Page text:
Morphogenic earthquakes are those seismic events capable of generating, or modifying, the surface morphology instantaneously and permanently (Caputo, 1993). It is also of interest to distinguish between linear and areal seismogenetic features, that is, features generated by a morphogenic earthquake. The former type is represented, for example, by the classical free-faces that can be produced by the upward propagation of a co-seismic displacement and the resulting ground rupture. Based on a catalogue of welldocumented recent and historical events from the broader Aegean Region and the empirical relationships between magnitude and surface rupture, Pavlides and Caputo (2004) conclude that the minimum magnitude for a morphogenic earthquake associated with crustal normal faulting and capable to produce a linear seismogenetic feature is about 5.5. Therefore, though the proposed magnitude depends on several factors like the kinematics and the geometry of the fault, the hypocentral depth and possibly the general mechanical behaviour of the seismogenic volume, only moderate (M= 5.5–6.0), but mainly large earthquakes (M> 6.0), can produce such features. When this phenomenon occurs their recognition and full mapping, at least since the last decades, can be complete. If linear seismogenetic features are repeatedly produced insisting on the same locations, the corresponding cumulative features that form are, for example, fault scarps, linear mountain fronts, trapezoidal and triangular facets, aligned knick-points on river profiles or bending-points on water courses, etc. Accordingly, investigating the surface expressions of capable faults is a crucial tool for recognising past earthquakes and for a better understanding of the seismotectonics of a region. Indeed, linear seismogenetic features can be investigated based on remote sensing techniques (air photos and different kinds of satellite imageries), morphotectonic and hydrographic surveys, palaeoseismological trenches, high-resolution geophysical methods (electrical resistivity tomographies, seismic profiles, ground penetrating radar, etc.) and various geodetic methods. In contrast, the areal seismogenetic features are mainly caused by the elasto-plastic deformation of the entire seismogenic volume and especially of its top surface, corresponding to the Earth’s surface. For example, subsidence, uplift and tilting phenomena associated with relatively superficial events are typical areal seismogenetic features. On the other hand, all structures produced by local, though areally distributed, effects like liquefaction phenomena, seismo-induced landslides, coastal modifications by tsunamis, etc., should be also included in this category. As a rule, the amount of permanent surface motion and/or the areal extension associated with each phenomenon strongly depend on the size, the kinematics and the hypocentral depth of the causative earthquake. Also in this case, if areal seismogenetic features are repeatedly produced, the corresponding cumulative structures that are commonly generated are large sedimentary basins characterised by growth-faults geometry and uplifted hilly or mountain sectors deeply entrenched by the hydrographic network. The study of areal seismogenetic features can be based on different methodological approaches like morphotectonic mapping, hydrographic analyses, remote sensing techniques, sedimentological and palaeogeographic studies, Archaeoseismology and Historical Seismology. Following the above definitions, it is clear that seismic events deeper than few tens of kilometres can never produce linear seismogenetic features, while very deep slab-related seismic events, say more than 2–300 km depth, could rarely become morphogenic earthquakes at all.With few exceptions characterised by particularly shallowearthquakes, like in volcano-tectonic settings, or close to huge open pits and mines or surrounding deep artificial lakes, also as concerns magnitude there is a physico-mechanical threshold below which an earthquake cannot be morphogenic.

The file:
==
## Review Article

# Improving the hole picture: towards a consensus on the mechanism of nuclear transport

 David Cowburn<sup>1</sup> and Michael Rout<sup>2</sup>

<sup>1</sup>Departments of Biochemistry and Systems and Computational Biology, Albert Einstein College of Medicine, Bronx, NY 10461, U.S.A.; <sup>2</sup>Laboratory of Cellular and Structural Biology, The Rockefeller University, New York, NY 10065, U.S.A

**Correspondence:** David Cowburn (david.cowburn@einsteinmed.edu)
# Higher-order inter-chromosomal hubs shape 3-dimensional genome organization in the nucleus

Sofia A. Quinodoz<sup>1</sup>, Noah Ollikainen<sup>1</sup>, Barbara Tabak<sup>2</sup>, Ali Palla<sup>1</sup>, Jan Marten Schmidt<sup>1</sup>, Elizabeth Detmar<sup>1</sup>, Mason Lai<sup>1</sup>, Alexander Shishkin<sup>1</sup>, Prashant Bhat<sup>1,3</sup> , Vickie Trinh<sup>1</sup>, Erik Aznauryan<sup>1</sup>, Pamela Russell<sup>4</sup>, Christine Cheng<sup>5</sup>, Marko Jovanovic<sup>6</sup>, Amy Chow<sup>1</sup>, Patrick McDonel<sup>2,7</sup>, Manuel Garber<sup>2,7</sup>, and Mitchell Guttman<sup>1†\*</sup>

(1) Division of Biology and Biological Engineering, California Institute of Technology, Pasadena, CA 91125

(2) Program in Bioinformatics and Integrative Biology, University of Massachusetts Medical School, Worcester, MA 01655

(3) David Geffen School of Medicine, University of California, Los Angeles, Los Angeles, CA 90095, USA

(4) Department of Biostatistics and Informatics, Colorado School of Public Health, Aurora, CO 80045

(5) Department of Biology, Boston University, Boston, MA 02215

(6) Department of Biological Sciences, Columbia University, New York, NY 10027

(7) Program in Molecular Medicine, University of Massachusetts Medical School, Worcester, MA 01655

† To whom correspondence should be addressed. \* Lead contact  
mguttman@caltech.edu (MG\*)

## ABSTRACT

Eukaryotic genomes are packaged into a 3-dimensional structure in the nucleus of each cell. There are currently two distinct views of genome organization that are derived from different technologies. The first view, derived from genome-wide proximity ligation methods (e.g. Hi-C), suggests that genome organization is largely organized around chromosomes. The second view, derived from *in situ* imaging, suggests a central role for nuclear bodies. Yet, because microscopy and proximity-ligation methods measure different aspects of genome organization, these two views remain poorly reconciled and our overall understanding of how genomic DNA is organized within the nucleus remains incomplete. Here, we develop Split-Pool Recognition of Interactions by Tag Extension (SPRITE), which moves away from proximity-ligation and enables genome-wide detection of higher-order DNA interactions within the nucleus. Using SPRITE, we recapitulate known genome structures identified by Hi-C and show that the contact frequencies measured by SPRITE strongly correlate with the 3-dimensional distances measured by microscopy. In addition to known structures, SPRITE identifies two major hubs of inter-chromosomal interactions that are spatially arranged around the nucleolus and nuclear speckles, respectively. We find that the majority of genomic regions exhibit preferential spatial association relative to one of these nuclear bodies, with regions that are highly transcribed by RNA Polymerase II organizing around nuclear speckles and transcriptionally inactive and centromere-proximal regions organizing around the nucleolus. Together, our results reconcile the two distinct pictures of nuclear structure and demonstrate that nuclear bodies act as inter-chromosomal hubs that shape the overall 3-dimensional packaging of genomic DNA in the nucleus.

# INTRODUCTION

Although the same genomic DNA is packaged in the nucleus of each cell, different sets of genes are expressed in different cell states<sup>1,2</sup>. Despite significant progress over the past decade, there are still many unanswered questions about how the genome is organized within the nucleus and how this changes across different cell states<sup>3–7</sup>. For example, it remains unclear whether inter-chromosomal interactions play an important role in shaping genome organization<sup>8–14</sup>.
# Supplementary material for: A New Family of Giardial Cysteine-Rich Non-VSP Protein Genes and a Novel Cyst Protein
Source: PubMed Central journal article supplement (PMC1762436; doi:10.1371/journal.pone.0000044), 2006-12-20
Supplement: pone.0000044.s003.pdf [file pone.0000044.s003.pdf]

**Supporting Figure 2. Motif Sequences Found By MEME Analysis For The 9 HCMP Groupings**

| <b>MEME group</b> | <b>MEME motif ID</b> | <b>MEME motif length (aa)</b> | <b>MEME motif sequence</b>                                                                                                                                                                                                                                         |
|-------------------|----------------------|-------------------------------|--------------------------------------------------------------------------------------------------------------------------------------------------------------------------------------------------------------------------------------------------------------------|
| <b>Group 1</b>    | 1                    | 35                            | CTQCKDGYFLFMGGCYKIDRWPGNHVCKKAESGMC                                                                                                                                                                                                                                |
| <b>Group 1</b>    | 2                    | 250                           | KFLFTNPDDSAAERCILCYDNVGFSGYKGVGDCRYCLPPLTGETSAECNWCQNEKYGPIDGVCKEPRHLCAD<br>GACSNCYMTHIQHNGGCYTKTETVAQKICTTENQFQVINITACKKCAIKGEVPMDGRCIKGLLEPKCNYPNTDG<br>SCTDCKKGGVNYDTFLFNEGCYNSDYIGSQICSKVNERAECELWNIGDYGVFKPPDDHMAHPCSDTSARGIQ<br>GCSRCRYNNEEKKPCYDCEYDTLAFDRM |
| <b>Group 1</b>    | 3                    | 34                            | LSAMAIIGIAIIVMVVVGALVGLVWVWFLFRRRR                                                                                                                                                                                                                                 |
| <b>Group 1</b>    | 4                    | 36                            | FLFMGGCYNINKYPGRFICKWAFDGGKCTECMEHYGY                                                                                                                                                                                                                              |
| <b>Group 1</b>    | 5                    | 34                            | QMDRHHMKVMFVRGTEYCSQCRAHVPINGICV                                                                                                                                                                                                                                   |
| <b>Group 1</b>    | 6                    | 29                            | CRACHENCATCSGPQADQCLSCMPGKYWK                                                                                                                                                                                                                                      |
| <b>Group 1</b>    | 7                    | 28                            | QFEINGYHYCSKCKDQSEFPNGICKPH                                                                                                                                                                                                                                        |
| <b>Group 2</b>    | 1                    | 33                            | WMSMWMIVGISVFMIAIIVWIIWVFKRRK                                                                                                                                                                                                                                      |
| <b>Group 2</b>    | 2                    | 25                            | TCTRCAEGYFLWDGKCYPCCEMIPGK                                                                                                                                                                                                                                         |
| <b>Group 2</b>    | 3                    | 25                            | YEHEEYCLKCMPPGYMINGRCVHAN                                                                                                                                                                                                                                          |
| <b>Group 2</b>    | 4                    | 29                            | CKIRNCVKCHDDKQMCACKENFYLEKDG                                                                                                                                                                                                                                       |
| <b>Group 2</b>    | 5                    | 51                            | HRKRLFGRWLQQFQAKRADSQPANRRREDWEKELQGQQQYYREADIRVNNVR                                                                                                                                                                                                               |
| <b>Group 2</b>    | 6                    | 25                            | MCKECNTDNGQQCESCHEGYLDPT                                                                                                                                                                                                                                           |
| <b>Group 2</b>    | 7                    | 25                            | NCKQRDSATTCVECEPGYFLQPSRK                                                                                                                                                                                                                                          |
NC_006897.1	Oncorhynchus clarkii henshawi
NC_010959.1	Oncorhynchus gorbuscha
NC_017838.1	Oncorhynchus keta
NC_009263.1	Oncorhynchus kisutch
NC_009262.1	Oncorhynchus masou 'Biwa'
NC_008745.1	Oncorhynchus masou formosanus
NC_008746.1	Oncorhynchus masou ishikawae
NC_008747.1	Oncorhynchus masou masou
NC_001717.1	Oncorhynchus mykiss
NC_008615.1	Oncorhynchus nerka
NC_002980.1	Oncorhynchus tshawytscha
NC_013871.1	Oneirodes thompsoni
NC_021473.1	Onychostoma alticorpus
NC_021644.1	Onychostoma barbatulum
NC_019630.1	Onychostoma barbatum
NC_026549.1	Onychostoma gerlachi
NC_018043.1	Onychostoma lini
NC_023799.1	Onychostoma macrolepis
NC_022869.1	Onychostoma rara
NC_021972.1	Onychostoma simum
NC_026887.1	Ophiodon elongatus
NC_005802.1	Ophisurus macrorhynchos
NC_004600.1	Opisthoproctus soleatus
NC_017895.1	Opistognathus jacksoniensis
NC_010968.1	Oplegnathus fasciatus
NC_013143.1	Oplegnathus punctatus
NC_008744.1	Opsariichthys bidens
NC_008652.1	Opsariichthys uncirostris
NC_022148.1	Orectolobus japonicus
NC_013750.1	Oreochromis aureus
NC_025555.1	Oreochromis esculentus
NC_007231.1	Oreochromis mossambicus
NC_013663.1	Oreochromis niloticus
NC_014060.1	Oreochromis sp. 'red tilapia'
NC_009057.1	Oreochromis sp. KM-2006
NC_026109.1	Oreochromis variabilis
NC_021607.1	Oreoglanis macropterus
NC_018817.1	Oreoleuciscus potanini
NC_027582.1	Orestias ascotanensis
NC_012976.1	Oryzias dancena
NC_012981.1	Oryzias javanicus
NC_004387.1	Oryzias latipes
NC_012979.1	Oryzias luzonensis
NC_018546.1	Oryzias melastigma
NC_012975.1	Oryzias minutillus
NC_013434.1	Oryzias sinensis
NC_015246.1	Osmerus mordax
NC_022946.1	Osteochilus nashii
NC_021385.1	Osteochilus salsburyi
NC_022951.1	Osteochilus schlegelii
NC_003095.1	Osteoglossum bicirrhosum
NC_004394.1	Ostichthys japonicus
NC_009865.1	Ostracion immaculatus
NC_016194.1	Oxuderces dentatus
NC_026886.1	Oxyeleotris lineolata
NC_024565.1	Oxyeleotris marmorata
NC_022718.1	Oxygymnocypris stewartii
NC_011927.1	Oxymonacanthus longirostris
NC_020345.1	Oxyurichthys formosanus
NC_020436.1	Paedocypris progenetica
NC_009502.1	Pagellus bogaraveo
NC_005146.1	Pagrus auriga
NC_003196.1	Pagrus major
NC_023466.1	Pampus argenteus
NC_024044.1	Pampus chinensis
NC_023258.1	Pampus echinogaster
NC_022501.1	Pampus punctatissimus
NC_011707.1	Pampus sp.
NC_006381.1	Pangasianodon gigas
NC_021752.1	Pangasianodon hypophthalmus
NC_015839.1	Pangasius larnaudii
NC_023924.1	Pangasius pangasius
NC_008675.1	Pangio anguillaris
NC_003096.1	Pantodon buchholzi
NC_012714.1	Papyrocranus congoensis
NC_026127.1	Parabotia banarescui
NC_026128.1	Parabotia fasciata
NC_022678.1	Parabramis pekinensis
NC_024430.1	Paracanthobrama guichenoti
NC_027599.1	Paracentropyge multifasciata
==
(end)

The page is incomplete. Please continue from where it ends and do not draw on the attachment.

Ground effects of large morphogenic earthquakes.

CAPUTO, Riccardo
2005

Abstract